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The doors most of us use every day work just fine, by and large, and we tend not to think about them too much. And I’m not sure that this flip-flop single doorknob concept submitted by Australian reader Emily T. to Dave Delisle’s website Geek Ideas would really count as much of an improvement over the conventional arrangement, in most cases.

But it’s fun, don’t you think? Fun to look at, fun to think about, and fun to imagine how our lives might be different if the simple machines that we take for granted were other than as they are. Emily’s door reminded me of this passage from Adam Haslett’s excellent short story Notes to My Biographer, which every eccentric inventor owes it to her- or himself to read:

I unhook a painting from the wall and set it on the floor. On the yellow wallpaper I draw the outline of a door, full size, seven by three and a half.

“You see, Graham, there’ll be four knobs. The lines between them will form a cross. And each knob will be connected to a set of wheels inside the door itself, and there will be four sets of hinges, one along each side but fixed only to the door, not to the frame…A person will use the knob that will allow them to open the door in any direction they want—left or right, at their feet or above their heads. When a knob is turned it’ll push the screws from the door into the frame. People can open doors near windows without blocking morning or evening light, they’ll carry furniture in and out with the door over their heads, never scraping its paint, and when they want to see the sky they can open it just a fraction at the top.”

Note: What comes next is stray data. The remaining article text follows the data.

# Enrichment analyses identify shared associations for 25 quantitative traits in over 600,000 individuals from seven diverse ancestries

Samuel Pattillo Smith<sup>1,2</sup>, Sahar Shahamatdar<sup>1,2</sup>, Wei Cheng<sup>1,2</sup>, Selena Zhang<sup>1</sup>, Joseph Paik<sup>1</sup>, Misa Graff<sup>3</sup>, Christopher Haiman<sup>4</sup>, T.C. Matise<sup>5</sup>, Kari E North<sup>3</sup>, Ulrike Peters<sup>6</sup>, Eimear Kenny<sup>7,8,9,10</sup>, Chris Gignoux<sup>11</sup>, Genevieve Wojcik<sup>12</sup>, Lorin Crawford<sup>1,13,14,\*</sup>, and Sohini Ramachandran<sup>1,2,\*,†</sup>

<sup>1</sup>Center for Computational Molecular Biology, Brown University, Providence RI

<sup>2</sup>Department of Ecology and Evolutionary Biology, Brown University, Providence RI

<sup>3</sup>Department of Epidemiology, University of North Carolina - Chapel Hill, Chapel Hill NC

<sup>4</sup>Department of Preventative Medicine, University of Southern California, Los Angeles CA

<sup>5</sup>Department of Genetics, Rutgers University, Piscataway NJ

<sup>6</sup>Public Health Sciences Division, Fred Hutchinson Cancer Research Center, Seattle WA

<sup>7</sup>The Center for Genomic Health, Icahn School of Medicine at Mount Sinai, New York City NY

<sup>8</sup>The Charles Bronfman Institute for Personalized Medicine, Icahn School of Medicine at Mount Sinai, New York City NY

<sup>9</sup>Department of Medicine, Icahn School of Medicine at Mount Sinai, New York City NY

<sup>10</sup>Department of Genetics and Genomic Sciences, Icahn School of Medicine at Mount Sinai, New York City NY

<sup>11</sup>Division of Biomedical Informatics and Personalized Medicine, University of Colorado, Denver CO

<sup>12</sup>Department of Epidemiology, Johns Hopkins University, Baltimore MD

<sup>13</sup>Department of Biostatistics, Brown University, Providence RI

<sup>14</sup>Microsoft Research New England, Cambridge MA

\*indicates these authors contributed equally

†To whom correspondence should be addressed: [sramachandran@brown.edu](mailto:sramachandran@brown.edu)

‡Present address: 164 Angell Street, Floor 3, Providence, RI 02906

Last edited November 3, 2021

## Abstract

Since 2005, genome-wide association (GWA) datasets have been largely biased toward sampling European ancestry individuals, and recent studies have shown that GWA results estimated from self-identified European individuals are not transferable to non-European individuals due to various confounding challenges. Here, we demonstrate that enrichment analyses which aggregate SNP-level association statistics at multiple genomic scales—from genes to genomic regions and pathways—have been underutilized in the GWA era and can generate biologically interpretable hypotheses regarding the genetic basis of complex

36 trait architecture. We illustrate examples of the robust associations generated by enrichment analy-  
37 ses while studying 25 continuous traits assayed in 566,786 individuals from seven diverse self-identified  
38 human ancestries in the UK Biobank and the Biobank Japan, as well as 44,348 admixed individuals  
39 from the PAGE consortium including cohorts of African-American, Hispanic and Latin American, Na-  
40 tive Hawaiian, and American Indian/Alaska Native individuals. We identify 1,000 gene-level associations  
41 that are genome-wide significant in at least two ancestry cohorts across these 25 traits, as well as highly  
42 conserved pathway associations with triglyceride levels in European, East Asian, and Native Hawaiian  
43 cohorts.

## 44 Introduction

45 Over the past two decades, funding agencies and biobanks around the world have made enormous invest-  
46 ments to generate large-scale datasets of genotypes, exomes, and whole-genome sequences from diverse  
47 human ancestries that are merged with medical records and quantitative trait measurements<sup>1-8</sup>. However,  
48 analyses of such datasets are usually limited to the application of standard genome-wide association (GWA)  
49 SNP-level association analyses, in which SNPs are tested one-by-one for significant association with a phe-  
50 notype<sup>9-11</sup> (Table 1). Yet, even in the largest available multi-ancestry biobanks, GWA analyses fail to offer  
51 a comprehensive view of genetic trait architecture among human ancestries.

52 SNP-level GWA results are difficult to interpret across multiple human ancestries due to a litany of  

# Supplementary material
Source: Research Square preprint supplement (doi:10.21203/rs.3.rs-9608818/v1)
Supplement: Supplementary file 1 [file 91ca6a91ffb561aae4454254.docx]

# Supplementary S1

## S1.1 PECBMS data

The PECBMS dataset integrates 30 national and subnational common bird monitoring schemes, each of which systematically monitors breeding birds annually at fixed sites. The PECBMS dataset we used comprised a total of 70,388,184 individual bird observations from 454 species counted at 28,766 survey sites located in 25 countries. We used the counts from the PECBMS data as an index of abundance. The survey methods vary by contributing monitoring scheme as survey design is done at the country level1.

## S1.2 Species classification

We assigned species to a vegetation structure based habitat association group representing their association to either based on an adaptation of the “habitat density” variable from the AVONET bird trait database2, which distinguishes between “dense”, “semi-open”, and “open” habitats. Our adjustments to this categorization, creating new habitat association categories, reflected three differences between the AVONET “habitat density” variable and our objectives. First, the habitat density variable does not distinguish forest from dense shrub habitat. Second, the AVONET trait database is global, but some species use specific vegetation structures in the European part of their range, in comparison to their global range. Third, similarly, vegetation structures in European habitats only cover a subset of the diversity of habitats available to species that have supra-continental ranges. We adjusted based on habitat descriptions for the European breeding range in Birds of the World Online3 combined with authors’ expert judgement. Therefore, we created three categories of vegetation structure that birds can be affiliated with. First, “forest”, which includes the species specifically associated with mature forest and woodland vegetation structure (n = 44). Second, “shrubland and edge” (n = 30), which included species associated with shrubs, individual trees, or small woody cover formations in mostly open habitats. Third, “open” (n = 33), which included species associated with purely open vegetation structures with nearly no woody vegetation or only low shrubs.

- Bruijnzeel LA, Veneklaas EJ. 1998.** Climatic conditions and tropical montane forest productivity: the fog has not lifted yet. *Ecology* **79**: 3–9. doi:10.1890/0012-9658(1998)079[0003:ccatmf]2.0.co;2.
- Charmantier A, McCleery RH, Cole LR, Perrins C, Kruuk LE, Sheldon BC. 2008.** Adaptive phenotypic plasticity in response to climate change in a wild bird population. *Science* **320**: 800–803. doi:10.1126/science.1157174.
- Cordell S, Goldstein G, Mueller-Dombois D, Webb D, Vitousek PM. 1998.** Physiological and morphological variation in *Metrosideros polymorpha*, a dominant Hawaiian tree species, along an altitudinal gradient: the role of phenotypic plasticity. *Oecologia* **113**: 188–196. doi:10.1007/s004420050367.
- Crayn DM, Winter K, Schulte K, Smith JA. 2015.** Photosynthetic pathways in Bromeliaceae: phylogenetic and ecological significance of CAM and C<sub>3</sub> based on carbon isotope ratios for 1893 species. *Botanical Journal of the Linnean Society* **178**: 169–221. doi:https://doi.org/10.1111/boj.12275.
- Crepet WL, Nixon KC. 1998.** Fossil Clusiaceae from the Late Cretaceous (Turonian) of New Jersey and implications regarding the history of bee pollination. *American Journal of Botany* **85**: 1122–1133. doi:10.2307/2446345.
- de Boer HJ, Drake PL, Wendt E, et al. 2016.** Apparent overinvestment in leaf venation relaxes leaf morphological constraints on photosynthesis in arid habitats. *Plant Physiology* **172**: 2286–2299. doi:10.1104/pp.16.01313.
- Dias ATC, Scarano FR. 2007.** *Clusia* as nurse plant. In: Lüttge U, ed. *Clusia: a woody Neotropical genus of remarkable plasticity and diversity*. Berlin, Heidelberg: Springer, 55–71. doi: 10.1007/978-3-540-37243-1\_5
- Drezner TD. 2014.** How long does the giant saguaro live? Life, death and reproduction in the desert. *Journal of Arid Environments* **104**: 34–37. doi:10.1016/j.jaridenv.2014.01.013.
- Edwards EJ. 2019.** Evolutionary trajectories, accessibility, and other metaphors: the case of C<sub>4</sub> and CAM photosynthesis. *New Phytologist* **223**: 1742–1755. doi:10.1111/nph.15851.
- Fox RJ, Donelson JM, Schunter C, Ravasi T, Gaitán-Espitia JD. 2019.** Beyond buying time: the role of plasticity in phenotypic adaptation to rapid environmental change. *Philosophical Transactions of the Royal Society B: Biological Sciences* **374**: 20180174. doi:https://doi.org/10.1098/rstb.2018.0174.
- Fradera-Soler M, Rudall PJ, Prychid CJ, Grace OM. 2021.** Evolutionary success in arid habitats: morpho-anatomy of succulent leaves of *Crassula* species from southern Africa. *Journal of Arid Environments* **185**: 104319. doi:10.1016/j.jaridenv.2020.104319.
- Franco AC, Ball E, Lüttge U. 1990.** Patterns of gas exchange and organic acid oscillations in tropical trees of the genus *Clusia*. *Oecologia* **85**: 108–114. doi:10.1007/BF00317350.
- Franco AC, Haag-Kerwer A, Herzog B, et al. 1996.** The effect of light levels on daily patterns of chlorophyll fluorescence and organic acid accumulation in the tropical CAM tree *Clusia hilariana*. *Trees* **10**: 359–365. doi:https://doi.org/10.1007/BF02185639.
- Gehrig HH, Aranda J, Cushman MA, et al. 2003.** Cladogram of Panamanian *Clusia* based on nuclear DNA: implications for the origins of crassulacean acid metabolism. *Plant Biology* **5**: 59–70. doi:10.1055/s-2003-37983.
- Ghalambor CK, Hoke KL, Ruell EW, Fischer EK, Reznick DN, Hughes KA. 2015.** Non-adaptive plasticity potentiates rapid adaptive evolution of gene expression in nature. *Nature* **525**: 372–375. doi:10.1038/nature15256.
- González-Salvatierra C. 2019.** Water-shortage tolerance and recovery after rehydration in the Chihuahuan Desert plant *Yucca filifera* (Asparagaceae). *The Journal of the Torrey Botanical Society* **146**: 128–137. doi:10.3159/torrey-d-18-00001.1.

On the wall I draw smaller diagrams of the door’s different positions until the felt nib of the pen tatters. “It’s a present to you, this door. I’m sorry it’s not actual. You can imagine it, though, how people might enjoy deciding how to walk through it. Patterns would form, families would have their habits.”

My point, if I have one, is that imaginary doors are important, too. Even if the actual ones are working just fine.

So keep ‘em coming, folks.

[Thanks, Billy Baque!]

Sean Michael Ragan

I am descended from 5,000 generations of tool-using primates. Also, I went to college and stuff. I write for MAKE, serve as Technical Editor for MAKE magazine, and develop original DIY content for Make: Projects.


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